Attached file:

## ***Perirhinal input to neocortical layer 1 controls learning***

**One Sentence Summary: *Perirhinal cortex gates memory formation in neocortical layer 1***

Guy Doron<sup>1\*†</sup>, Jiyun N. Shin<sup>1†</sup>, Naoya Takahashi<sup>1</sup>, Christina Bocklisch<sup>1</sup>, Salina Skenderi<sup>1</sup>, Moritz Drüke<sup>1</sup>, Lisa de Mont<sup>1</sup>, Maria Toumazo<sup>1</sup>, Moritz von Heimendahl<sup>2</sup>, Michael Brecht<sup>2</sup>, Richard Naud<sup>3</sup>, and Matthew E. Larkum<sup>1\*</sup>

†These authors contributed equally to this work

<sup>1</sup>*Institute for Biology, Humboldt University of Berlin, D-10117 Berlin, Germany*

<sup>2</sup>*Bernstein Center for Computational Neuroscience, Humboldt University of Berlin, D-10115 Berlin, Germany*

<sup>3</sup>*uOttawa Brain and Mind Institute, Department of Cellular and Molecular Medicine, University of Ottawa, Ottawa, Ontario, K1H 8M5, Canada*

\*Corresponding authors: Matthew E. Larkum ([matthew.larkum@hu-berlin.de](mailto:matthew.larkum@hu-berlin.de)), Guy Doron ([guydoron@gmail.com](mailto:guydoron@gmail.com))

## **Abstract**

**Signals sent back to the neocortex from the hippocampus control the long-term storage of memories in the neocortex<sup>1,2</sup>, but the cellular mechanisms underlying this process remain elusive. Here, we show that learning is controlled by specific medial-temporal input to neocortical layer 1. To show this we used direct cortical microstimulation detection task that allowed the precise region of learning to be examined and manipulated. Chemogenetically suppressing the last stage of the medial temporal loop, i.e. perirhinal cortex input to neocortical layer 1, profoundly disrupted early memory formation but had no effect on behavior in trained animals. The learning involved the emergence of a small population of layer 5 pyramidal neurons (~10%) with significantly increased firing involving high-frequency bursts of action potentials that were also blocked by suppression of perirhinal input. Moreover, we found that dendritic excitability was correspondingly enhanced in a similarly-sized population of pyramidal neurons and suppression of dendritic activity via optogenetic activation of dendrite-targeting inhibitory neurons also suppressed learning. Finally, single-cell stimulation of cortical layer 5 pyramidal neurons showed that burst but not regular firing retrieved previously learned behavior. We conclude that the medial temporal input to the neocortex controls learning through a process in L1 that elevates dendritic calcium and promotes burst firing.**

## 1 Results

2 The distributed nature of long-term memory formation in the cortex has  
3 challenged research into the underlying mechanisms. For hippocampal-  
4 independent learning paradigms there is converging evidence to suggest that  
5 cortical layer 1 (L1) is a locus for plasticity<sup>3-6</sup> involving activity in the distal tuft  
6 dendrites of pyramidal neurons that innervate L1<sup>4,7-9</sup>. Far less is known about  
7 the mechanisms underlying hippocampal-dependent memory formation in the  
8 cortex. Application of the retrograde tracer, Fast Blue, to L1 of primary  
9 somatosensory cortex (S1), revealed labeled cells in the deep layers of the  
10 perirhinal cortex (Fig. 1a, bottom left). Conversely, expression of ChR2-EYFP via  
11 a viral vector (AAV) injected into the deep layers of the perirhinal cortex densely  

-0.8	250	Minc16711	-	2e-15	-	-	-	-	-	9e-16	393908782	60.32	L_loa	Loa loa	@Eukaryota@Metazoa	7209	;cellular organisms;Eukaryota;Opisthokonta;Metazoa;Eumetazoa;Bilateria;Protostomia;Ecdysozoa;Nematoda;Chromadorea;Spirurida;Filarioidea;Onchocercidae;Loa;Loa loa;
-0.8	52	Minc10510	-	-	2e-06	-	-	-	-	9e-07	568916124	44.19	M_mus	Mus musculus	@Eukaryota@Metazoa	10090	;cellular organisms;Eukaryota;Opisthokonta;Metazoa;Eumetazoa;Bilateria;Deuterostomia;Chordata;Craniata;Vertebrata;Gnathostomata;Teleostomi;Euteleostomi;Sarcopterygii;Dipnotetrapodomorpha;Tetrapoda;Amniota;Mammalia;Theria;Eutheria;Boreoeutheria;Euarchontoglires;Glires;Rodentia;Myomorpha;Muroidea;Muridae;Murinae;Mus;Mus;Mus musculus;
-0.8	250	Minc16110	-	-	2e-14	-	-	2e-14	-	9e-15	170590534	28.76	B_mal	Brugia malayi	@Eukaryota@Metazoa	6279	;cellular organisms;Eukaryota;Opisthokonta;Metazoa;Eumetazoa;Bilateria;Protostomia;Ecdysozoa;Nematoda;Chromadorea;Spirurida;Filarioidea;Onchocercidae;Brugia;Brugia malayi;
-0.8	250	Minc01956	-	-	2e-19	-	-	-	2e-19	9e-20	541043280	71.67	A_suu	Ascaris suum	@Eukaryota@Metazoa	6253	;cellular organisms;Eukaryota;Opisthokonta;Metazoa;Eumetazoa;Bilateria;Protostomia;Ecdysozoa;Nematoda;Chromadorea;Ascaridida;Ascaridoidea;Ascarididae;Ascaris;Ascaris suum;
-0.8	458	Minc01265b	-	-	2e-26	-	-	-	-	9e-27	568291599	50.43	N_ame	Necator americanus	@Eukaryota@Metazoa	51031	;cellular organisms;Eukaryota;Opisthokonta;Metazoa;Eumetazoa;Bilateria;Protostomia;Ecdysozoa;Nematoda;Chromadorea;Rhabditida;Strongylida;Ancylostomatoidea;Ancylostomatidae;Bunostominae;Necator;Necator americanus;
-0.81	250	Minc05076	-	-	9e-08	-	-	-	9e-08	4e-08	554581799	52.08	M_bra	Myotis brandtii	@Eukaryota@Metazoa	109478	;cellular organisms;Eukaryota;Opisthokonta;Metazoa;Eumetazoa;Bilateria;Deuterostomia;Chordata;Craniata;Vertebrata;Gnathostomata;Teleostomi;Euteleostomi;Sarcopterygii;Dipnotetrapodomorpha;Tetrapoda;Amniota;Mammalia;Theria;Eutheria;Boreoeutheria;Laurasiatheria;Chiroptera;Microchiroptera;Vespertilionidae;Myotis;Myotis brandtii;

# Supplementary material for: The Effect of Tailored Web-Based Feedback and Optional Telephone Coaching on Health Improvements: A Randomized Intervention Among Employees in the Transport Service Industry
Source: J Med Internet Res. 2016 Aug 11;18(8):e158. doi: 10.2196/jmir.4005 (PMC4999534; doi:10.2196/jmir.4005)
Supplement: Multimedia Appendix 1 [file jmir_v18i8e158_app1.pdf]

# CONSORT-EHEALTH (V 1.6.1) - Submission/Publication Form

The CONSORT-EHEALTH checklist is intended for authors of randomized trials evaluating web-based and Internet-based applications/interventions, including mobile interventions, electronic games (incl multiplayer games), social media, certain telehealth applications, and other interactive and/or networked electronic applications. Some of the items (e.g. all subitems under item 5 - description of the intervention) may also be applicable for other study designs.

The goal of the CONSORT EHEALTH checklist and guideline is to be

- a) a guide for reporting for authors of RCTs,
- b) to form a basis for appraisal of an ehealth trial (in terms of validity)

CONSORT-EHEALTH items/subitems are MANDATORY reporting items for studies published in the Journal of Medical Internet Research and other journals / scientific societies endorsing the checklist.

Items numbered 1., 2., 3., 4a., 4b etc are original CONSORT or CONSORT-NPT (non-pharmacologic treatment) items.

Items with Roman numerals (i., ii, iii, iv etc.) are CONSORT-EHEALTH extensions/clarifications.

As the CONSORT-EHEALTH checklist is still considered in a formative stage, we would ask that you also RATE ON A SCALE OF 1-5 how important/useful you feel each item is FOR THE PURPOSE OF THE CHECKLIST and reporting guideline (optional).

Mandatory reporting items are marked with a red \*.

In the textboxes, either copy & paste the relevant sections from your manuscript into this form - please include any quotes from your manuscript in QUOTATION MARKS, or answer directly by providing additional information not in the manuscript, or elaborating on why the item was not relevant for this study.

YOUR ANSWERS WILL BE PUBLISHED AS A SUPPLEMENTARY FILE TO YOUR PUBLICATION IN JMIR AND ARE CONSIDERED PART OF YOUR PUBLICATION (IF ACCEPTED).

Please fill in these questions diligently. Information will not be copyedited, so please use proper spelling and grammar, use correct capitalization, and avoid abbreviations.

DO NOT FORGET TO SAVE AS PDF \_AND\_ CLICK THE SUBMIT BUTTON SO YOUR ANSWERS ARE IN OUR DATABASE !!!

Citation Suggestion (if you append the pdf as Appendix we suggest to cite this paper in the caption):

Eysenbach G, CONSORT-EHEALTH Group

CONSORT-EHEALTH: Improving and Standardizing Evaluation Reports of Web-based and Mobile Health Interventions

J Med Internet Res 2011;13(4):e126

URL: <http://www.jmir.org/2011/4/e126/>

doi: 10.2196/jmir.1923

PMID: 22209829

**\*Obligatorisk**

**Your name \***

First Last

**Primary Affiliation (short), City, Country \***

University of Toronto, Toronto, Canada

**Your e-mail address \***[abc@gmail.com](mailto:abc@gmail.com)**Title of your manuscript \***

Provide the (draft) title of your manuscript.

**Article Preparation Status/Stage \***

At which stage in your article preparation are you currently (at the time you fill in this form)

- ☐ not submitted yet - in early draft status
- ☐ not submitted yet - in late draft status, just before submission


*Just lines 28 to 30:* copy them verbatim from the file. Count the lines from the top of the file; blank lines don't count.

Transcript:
# Supplementary material for: The Effect of Tailored Web-Based Feedback and Optional Telephone Coaching on Health Improvements: A Randomized Intervention Among Employees in the Transport Service Industry
Source: J Med Internet Res. 2016 Aug 11;18(8):e158. doi: 10.2196/jmir.4005 (PMC4999534; doi:10.2196/jmir.4005)
Supplement: Multimedia Appendix 1 [file jmir_v18i8e158_app1.pdf]